Elon Musk is coming out about his Hyperloop. He's revealed plans for this super train, after teasing the public for months about a revolutionary technology that could send a train hurtling from San Francisco to Los Angeles in 30 minutes. Here's how it would work.
First of all, to make this train cost-effective, it would likely only run between cities that were less than 1,000 miles apart, like San Francisco and Los Angeles, or New York and Boston.
According to Business Week's Ashlee Vance:
In Musk’s vision, the Hyperloop would transport people via aluminum pods enclosed inside of steel tubes. He describes the design as looking like a shotgun with the tubes running side by side for most of the journey and closing the loop at either end. These tubes would be mounted on columns 50 to 100 yards apart, and the pods inside would travel up to 800 miles per hour. Some of this Musk has hinted at before; he now adds that pods could ferry cars as well as people. “You just drive on, and the pod departs,” Musk told Bloomberg Businessweek in his first interview about the Hyperloop . . .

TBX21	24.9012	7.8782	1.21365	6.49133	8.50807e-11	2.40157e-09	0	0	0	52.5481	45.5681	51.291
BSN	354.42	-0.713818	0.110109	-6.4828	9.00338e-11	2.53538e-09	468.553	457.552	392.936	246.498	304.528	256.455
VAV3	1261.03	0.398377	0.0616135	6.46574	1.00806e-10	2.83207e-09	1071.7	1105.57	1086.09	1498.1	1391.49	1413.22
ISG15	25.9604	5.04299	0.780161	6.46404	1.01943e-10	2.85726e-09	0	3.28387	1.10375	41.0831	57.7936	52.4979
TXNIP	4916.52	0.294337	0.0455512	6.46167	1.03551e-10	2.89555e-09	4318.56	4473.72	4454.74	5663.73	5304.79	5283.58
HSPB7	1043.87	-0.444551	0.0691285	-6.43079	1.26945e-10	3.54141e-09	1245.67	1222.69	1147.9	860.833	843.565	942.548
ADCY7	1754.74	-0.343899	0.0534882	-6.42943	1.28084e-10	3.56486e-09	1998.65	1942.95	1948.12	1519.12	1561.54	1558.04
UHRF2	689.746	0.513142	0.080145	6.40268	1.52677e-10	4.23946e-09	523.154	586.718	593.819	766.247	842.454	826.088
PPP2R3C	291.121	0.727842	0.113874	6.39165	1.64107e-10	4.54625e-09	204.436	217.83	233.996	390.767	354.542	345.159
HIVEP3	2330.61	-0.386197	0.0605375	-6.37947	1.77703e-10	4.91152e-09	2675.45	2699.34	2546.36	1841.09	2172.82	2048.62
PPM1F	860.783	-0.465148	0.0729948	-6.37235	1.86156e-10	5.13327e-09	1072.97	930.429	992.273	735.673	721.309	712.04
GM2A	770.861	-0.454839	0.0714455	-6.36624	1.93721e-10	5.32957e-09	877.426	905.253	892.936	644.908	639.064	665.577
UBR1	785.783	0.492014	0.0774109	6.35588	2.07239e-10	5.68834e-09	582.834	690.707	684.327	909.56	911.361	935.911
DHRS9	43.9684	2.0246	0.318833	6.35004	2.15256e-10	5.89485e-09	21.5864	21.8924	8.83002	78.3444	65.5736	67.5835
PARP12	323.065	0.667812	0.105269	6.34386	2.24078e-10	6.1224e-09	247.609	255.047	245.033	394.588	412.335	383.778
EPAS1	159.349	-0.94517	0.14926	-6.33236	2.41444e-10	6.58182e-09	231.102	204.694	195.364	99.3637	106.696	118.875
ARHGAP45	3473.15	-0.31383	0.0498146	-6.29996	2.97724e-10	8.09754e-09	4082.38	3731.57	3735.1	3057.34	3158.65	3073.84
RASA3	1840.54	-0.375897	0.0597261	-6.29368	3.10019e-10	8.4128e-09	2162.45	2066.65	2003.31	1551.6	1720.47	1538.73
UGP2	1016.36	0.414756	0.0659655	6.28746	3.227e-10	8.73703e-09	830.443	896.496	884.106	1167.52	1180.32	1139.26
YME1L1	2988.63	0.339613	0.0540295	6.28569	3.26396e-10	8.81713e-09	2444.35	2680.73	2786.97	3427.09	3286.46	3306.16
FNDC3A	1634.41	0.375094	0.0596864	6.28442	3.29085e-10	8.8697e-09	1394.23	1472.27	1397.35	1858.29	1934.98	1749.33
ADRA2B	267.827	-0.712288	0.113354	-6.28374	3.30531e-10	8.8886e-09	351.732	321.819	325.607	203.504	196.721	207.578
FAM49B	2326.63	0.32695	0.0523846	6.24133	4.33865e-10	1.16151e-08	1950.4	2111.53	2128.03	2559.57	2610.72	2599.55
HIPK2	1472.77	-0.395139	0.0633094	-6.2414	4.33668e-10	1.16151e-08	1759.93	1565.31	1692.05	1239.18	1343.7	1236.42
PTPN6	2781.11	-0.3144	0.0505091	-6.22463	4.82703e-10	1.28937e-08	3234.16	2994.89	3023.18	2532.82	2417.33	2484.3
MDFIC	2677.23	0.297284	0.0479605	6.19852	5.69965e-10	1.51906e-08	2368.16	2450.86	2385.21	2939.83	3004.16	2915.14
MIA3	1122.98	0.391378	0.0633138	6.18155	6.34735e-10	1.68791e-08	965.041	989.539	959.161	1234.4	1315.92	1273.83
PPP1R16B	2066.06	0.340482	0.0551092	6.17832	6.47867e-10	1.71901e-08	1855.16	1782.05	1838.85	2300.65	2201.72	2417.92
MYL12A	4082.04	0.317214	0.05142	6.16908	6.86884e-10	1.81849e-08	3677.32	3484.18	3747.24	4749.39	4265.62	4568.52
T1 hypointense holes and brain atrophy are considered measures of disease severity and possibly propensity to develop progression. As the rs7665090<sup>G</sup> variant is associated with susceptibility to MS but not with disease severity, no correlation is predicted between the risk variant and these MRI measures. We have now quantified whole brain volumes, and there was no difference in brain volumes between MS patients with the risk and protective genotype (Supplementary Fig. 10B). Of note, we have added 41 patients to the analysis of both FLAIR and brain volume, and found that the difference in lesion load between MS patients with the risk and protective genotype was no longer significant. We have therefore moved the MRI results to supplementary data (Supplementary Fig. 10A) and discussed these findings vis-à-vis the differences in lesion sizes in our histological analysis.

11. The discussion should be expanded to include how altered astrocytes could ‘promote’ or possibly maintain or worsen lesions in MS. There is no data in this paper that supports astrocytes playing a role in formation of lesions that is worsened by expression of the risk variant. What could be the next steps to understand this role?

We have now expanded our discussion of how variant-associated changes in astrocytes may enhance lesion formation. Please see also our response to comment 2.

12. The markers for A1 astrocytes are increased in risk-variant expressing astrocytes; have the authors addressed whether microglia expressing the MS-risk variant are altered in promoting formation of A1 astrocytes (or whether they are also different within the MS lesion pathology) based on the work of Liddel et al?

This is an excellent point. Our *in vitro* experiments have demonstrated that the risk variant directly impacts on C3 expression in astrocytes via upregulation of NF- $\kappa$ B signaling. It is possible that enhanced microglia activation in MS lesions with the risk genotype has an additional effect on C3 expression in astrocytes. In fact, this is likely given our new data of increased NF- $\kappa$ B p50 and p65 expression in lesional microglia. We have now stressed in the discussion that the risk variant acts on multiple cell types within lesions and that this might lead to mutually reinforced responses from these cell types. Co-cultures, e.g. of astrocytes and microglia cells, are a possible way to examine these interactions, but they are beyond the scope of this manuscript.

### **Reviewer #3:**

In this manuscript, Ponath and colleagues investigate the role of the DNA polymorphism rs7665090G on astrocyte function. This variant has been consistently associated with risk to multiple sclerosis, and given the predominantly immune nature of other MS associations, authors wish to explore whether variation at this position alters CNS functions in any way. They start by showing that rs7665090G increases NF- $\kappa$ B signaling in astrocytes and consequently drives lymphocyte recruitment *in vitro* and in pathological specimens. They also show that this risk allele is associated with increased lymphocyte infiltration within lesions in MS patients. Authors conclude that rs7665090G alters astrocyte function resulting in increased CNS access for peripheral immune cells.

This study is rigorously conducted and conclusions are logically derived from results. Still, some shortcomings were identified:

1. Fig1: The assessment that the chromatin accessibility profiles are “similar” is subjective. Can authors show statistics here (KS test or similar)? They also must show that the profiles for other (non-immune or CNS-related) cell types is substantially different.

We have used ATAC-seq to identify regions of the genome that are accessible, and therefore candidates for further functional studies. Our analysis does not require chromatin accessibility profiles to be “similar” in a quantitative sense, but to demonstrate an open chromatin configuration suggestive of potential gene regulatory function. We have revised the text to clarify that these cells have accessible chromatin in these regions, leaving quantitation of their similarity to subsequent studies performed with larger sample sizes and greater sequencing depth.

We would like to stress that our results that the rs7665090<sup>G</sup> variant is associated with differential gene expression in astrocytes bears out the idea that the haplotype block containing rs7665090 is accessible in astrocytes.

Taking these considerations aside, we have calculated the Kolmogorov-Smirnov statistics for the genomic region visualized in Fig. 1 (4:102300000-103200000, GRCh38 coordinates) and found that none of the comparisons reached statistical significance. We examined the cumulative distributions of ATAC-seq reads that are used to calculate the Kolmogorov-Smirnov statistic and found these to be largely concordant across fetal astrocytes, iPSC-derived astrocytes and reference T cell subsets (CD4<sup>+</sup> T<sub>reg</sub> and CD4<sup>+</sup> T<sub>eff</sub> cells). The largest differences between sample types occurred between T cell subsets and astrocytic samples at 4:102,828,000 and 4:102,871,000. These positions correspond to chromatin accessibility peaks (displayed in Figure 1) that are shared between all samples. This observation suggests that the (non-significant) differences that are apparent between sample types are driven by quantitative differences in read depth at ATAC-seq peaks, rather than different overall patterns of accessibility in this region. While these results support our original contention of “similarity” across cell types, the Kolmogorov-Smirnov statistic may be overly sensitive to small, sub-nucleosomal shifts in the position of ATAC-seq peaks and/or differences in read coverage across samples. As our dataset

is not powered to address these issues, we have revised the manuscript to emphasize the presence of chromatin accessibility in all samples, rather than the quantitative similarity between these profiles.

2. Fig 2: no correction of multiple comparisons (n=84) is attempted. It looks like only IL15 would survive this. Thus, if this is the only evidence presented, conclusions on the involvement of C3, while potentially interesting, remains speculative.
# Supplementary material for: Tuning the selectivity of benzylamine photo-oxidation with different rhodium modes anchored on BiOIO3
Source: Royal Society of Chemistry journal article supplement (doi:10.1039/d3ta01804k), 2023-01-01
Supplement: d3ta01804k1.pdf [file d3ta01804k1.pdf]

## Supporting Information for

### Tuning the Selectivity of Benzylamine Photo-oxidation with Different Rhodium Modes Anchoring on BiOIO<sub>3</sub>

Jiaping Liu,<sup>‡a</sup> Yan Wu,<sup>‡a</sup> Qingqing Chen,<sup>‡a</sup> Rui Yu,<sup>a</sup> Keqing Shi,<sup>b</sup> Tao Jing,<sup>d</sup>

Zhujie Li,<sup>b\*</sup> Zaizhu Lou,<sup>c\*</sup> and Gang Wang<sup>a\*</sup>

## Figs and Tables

Musk thinks the Hyperloop would avoid many of the land issues [of traditional trains] because it’s elevated. The tubes would, for the most part, follow I-5, the dreary but direct freeway between L.A. and San Francisco. Farmers would not have swaths of their land blocked by train tracks but could instead access their land between the columns. Musk figures the Hyperloop could be built for $6 billion with people-only pods, or $10 billion for the larger pods capable of holding people and cars. All together, his alternative would be four times as fast as California’s proposed train, at one-10th the cost. Tickets, Musk says, would be “much cheaper” than a plane ride.
This still doesn't answer one fundamental question: How will the damn thing work? We trust that Musk has some ideas, given that he's the guy behind Space X and the Tesla. But Musk is more of an entrepreneur than an inventor, so it makes sense that he's talking about the price tag rather than the technologies underlying it. California's high speed train project, getting underway this year, is predicted to cost $70 billion. Musk says his Hyperloop would cost at most $10 billion.